CIA weathers cycle of accusation - fair or not

George Tenet officially resigns as director of the Central Intelligence Agency this Sunday. Mr. Tenet is to be temporarily replaced by his deputy, John McLaughlin, as the agency squares off for one of its periodic trials by fire for intelligence failures, fairly or unfairly attributed to it.

Under Allen Dulles, the CIA was blamed for the disastrous 1961 Bay of Pigs invasion by Cuban exiles, ordered by Presidents Eisenhower and Kennedy.

Richard Helms, CIA director from 1966 to 1973, took the heat for a variety of misdeeds, from drug experiments with unsuspecting subjects to plots to assassinate third-world leftist leaders, starting with Fidel Castro.

Under President Reagan's friend, William Casey, the agency got some of the blame for the Iran-contra scandal.

Now the storm signals are going up once again as the agency prepares to face up to stinging criticism in a pending report of the Senate Intelligence Committee and a later report of the nonpartisan 9/11 Commission. Tenet, a Clinton appointee, signaled the coming storm when he addressed the agency's staff at its Langley, Va., headquarters a month ago.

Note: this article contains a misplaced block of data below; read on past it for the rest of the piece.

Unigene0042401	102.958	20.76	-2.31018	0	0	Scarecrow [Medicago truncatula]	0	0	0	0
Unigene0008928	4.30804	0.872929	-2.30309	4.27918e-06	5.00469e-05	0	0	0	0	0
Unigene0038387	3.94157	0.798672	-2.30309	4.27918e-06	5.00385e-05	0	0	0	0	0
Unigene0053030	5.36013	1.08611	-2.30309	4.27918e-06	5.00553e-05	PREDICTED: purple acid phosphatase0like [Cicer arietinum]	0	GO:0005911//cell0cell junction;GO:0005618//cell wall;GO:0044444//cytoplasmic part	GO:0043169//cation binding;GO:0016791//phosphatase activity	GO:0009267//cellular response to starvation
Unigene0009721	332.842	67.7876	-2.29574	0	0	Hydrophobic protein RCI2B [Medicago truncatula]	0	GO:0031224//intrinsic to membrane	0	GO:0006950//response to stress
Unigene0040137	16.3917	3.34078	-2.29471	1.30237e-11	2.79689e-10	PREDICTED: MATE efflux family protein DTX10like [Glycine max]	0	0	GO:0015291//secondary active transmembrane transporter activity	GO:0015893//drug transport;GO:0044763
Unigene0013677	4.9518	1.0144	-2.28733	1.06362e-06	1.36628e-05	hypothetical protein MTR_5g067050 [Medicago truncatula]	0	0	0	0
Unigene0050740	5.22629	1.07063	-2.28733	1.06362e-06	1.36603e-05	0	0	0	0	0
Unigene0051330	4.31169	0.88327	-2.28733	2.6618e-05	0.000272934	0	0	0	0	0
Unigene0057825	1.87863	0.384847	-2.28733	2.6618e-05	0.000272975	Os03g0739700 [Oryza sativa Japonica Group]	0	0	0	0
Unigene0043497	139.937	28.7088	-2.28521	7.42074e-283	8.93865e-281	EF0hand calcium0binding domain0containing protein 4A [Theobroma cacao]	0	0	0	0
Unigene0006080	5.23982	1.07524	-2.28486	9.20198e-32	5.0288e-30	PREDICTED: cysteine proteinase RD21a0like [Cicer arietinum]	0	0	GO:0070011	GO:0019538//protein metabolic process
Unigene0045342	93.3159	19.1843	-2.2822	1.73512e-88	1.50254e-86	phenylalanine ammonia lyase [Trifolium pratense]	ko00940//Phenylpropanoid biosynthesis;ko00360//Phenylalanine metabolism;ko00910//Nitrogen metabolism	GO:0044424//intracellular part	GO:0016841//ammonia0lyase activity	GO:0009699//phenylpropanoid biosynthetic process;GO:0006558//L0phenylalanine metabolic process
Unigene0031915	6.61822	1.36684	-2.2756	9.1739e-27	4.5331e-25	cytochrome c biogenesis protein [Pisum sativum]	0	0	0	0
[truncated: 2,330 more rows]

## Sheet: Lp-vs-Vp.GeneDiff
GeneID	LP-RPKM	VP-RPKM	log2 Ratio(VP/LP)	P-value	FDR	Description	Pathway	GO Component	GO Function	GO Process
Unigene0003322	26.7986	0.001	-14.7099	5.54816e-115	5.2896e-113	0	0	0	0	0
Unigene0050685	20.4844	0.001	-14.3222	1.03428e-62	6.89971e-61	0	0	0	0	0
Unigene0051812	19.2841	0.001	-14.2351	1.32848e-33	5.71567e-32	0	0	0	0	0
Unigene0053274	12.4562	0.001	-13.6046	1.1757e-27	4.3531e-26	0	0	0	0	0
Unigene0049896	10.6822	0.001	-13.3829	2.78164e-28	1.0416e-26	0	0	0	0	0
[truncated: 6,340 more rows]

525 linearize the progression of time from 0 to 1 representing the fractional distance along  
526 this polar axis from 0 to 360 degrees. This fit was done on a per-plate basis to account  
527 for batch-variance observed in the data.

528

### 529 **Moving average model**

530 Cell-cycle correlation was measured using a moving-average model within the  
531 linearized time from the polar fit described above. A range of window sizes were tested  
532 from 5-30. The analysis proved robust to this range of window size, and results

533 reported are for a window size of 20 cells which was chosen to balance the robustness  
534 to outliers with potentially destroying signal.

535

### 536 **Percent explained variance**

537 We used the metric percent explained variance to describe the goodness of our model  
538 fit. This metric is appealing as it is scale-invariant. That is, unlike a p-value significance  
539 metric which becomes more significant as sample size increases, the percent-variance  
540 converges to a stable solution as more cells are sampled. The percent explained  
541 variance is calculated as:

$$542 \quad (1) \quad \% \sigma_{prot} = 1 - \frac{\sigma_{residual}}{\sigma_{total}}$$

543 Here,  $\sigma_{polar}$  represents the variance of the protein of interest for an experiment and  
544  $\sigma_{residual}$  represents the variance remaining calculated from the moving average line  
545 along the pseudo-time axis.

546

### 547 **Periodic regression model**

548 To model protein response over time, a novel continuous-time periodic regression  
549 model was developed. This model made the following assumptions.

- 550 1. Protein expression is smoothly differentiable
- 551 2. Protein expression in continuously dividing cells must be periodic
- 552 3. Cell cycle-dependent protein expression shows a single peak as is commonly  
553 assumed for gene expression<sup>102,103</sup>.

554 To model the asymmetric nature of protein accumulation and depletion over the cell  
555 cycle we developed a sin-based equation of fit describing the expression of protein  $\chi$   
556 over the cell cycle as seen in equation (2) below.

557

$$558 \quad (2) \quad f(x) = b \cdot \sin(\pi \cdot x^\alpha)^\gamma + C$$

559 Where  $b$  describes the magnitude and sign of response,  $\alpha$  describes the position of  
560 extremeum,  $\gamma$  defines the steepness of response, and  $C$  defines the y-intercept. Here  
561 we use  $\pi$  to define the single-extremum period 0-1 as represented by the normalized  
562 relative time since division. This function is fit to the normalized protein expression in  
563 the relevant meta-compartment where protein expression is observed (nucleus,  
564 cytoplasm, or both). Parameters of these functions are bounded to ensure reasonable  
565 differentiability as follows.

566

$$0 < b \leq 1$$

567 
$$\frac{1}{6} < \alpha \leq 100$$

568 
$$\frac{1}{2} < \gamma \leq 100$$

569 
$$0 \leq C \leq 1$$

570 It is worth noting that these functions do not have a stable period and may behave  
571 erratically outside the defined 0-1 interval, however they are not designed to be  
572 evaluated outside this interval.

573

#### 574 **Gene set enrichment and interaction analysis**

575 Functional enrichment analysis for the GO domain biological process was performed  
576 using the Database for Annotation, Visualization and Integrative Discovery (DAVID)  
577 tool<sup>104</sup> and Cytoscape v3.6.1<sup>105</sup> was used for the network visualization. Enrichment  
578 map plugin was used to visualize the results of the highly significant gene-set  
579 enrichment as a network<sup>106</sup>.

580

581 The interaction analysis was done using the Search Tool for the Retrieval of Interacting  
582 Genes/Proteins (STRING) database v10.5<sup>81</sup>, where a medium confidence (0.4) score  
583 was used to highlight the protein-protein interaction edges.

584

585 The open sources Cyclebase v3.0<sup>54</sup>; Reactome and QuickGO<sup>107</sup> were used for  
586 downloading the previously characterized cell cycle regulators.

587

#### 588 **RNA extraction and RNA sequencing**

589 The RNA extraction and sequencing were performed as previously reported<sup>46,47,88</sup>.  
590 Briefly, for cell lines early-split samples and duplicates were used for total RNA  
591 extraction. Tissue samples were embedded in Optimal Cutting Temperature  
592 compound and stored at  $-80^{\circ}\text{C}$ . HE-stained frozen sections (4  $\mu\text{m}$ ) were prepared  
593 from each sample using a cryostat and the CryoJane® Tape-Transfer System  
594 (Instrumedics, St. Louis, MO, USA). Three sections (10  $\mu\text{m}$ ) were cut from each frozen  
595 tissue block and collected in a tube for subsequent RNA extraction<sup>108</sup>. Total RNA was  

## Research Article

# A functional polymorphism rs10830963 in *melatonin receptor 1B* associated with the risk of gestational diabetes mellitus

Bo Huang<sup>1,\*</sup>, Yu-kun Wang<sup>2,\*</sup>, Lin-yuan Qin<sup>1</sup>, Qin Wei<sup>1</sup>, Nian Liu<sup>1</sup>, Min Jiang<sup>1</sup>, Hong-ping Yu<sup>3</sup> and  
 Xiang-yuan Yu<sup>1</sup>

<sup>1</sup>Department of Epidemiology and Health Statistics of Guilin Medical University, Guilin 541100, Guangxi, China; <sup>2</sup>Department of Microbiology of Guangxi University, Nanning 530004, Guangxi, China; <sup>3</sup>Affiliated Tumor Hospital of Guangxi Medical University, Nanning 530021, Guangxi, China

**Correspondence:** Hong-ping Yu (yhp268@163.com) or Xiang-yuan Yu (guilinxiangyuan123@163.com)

"The world of intelligence is a uniquely human endeavor," he said, "and as in all human endeavors, we all understand the need to always do better."

The current criticism of the CIA comes under two principal headings: first, that it should have foreseen the Al Qaeda assault on American soil; second, it should not have encouraged the White House to assert that Iraq had weapons of mass destruction - the principal justification for the invasion of Iraq. Anticipating the coming controversy, Mr. McLaughlin recently told a conference of business executives that the CIA was already on its way to addressing the shortcomings, which were the result of specific problems. He said that the critical findings were based on information three years old and might already be out of date.

Whenever President Bush plans to name a new permanent director of the CIA, that will mean confirmation hearings as another arena of debate. High on the list of candidates is US Rep. Porter Goss (R) of Florida, chairman of the House Intelligence Committee. He is a former CIA officer and has been critical of the CIA under Tenet's stewardship.

One veteran CIA professional told me, "When they're through chastising us, we'll dust ourselves off once again and go on collecting intelligence."

Daniel Schorr is the senior news analyst for National Public Radio.

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